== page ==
Acer at Computex today said it would be the first to produce netbooks using Google’s Android platform. Company IT product president Jim Wong expects the systems to appear in the summer and that the Linux-based systems will still use Intel Atom processors. He didn’t provide prices, though the Android netbooks should be less expensive than Windows versions as Google doesn’t charge for licenses where Microsoft asks for $15 for each copy of Windows XP.

[...]

Acer’s decision is a blow to Microsoft, which has managed to achieve a near-monopoly of the netbook market by consciously selling Windows below cost to reduce most of the price advantage that had led Acer, ASUS and others to choose Linux in the first place.

ii. Acer to make first-ever Android netbooks

The Google Android OS is coming to the Acer Aspire ONE netbook, and sooner than you might imagine. As a happy ONE owner myself, and a keen observer of all things Android, the news that it could be as soon as Q3 this year really pleases me.

Microsoft is using its pressure tactics (extortion, blackmail, etc.) to not only exclude GNU/Linux from OEMs and shops but from chipmakers too. We previously wrote about the relationship between Intel and Microsoft in:

Watch what this analysts group had to say about Intel and Microsoft:

For over 20 years, Microsoft and Intel have partnered to grow the PC industry. Now, Intel is launching a netbook that will use the Linux operating system and not Microsoft. Could it be the economy and the need for more revenue? Or could it be such a huge revenue opportunity for Intel that they can not let the high price of an operating system slow them down?

What will Microsoft do next? Apart from ruining sub-notebooks as a whole by shutting GNU/Linux out, then elevating their prices and providing crippled versions of an operating system too heavy for the form factor?

More about Intel and Microsoft:

“Decisions Engine” Means Microsoft Decides What You Should Think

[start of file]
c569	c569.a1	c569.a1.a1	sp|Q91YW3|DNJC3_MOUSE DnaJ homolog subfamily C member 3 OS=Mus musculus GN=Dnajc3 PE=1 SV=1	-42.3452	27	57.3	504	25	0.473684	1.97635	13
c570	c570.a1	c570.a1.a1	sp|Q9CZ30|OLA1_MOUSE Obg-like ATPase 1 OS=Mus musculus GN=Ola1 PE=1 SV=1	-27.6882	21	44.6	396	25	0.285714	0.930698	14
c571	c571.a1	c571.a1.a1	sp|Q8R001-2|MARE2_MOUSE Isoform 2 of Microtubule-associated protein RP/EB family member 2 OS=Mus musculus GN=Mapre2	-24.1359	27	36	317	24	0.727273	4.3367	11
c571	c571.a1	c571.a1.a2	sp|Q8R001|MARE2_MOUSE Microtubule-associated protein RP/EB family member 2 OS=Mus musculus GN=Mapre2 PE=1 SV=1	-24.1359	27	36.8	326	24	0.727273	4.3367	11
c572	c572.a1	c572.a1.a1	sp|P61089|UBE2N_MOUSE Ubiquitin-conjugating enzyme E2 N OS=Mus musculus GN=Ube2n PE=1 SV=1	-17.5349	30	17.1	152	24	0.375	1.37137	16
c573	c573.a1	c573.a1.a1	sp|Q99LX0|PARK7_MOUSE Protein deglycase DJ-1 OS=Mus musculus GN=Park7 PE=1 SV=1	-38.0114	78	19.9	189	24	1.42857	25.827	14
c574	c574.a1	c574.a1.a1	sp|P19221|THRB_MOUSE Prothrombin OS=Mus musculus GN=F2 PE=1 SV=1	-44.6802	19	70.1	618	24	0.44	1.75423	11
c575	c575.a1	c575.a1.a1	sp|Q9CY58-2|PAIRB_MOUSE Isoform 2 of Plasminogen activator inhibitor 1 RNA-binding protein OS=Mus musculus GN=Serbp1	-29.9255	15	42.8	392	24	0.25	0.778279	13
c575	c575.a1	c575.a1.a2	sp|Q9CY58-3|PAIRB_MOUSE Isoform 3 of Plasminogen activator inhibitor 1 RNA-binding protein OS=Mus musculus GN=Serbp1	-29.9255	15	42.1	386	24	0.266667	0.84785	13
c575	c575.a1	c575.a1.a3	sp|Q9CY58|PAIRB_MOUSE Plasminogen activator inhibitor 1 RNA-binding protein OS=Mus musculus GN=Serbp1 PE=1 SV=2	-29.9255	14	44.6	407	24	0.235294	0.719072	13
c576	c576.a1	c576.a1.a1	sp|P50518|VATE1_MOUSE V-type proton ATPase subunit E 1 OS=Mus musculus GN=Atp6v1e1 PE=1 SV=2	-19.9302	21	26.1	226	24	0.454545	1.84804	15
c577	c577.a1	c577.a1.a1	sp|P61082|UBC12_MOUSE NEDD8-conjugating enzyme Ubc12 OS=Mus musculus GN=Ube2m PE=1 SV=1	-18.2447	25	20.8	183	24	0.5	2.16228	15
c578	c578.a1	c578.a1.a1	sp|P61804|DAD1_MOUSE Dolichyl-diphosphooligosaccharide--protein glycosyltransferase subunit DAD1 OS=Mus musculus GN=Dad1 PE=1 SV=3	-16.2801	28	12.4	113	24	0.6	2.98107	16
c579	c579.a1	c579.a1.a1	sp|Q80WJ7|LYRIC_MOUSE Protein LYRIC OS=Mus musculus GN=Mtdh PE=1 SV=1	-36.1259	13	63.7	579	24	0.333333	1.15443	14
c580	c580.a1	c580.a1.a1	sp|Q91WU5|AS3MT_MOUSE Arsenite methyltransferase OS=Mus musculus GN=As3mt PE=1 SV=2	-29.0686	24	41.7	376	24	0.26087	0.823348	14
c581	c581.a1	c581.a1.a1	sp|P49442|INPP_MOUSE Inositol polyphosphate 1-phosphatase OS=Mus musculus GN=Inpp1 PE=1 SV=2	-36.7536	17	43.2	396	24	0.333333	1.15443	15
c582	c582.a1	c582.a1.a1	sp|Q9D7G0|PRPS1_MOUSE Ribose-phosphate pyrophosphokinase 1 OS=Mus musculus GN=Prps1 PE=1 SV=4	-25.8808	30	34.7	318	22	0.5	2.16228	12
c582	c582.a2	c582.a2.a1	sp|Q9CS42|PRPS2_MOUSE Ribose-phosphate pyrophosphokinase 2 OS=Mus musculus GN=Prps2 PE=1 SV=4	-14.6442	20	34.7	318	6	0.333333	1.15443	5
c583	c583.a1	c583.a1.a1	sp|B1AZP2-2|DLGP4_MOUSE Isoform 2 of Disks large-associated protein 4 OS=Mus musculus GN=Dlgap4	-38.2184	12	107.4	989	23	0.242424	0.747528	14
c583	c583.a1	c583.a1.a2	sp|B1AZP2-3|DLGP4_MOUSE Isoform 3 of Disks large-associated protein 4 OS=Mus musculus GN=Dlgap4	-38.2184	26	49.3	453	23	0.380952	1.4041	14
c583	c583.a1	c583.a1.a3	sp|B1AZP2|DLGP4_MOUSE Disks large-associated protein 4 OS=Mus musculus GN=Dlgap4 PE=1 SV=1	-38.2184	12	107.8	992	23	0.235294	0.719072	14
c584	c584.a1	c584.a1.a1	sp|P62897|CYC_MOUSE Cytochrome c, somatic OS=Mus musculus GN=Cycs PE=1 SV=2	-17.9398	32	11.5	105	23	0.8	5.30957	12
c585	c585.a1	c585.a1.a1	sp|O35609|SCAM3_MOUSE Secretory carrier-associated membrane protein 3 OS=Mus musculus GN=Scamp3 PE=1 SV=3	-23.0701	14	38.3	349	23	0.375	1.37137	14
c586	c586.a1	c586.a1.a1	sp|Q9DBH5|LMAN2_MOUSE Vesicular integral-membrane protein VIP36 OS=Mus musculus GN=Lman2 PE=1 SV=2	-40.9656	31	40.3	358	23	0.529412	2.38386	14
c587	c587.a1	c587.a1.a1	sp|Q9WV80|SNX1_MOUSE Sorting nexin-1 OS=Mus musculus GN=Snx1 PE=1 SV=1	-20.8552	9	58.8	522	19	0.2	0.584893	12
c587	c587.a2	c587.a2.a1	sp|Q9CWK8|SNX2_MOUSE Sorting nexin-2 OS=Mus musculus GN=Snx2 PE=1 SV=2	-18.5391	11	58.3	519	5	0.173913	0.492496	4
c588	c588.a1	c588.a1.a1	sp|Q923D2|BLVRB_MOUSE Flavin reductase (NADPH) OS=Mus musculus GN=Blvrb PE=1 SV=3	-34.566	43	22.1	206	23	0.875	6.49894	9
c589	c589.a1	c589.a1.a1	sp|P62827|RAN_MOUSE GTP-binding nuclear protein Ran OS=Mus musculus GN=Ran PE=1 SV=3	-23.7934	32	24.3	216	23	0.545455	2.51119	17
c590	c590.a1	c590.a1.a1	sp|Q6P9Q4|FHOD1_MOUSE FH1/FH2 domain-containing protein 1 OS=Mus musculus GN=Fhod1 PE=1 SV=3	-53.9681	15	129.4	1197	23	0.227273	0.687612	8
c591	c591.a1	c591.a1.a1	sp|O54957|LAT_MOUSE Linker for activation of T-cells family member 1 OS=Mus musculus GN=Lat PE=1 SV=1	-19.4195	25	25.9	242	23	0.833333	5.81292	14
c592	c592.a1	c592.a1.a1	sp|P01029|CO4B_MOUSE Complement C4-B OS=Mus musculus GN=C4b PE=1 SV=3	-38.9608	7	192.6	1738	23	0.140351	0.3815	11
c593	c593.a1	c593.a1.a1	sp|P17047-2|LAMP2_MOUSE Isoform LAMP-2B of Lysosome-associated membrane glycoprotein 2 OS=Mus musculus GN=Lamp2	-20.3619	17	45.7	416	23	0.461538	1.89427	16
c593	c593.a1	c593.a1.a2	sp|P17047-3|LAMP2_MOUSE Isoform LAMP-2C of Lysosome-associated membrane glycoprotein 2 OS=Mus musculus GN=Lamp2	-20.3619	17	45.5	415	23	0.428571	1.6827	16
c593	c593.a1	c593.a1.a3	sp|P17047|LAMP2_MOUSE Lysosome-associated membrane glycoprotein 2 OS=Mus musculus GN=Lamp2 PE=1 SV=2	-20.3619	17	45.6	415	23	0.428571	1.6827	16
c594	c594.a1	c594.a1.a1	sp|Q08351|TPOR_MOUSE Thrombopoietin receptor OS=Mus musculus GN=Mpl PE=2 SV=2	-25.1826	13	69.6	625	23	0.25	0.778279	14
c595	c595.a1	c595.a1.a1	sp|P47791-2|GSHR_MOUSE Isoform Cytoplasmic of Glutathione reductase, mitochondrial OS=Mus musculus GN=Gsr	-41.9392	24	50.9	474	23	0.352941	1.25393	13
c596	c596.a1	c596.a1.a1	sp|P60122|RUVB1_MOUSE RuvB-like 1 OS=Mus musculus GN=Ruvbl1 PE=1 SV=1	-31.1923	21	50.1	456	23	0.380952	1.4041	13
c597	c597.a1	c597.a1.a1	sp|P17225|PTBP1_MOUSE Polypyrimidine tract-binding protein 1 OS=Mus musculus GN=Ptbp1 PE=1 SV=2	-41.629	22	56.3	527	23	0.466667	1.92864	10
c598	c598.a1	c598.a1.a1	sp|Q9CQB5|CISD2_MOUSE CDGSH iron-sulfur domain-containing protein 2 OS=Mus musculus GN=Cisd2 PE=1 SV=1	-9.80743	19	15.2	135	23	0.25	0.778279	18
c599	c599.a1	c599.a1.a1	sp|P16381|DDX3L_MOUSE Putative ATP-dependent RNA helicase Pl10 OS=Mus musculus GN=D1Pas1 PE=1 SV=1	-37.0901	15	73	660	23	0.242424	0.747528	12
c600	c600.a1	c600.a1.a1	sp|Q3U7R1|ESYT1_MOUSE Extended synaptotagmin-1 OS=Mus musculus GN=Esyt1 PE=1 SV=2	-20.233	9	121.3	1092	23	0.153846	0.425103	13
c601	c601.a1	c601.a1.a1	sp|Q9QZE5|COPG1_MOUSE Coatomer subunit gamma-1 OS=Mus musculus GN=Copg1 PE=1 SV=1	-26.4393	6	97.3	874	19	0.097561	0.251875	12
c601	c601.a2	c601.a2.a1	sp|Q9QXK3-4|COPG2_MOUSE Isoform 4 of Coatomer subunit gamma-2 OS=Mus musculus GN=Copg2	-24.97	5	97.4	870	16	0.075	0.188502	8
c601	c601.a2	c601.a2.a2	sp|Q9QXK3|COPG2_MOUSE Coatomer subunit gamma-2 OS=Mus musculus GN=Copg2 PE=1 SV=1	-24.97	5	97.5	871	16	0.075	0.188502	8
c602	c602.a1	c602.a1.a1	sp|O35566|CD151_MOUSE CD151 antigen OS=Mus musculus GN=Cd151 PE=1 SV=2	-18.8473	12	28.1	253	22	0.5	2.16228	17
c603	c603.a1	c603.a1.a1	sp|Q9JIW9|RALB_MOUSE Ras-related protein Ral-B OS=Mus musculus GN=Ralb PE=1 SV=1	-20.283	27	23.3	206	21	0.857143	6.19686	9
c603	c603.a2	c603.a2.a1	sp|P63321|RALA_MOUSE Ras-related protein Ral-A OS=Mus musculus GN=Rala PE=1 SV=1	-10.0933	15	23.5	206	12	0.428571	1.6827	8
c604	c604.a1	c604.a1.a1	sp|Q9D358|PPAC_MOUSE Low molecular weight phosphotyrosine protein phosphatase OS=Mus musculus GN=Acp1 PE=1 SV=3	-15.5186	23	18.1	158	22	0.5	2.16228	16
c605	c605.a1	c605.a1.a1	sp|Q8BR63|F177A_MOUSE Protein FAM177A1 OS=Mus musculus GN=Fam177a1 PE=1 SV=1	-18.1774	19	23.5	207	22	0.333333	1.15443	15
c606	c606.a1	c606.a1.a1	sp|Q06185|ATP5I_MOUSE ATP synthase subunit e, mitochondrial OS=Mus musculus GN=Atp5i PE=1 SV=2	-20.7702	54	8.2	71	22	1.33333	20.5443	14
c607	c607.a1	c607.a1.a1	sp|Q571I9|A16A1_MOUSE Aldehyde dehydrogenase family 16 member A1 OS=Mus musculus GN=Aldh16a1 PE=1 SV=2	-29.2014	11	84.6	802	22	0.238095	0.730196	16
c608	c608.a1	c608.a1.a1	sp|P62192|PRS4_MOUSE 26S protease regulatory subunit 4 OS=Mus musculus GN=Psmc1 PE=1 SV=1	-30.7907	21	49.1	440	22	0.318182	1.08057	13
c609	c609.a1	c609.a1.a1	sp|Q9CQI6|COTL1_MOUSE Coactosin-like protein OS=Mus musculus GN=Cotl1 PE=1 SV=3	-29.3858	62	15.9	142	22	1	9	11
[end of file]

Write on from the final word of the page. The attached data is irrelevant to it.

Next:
Posted in Antitrust, Bill Gates, Deception, FUD, GNU/Linux, Google, Microsoft, Search, Steve Ballmer at 9:27 am by Dr. Roy Schestowitz

Hard choice

Summary: Microsoft’s engine may be akin to commercial propaganda; IE6 users allegedly forced to use it anyway

Microsoft loves changing history even if Wikipedia intervention becomes necessary. Microsoft’s image is worth money, so Microsoft is willing to pay people to edit Wikipedia, which is precisely what it does.

As we showed before, Microsoft’s ‘new’ engine is biased by design and we already know that Microsoft is changing search results in order to promote the company’s own perspective. It’s not as complicated to achieve as it may seem given that only commonly searched-for phrases in technology need to be policed (tweaked) by Microsoft or its massive public relations department (Waggener Edstrom).

Christian Einfeldt has just tested what Microsoft initially called “search engine” [1, 2, 3, 4, 5]*. Here is what he found:

But rather than a search engine or even a “decision engine”, Bing also appears to be a spin engine, in that it provides partisan answers to controversial topics, such as Steve Ballmer’s propensity to throw chairs to blow off stress. At a friend’s suggestion, I typed the following phrases (without quotes) into both Google.com and Bing.com. The results are very telling. Be sure to look at the phrase completion options that you are offered as you type.

“linux ”

“antitrust microsoft”

“ballmer throws chair”

“bill gates steals”

The important thing here is not whether Bill Gates does, in fact, steal, and I am not here to make ad hominem attacks on the world’s richest man. The point is how Microsoft deals with criticism. With spin. As opposed to Google, which just repeats much of the criticism of it.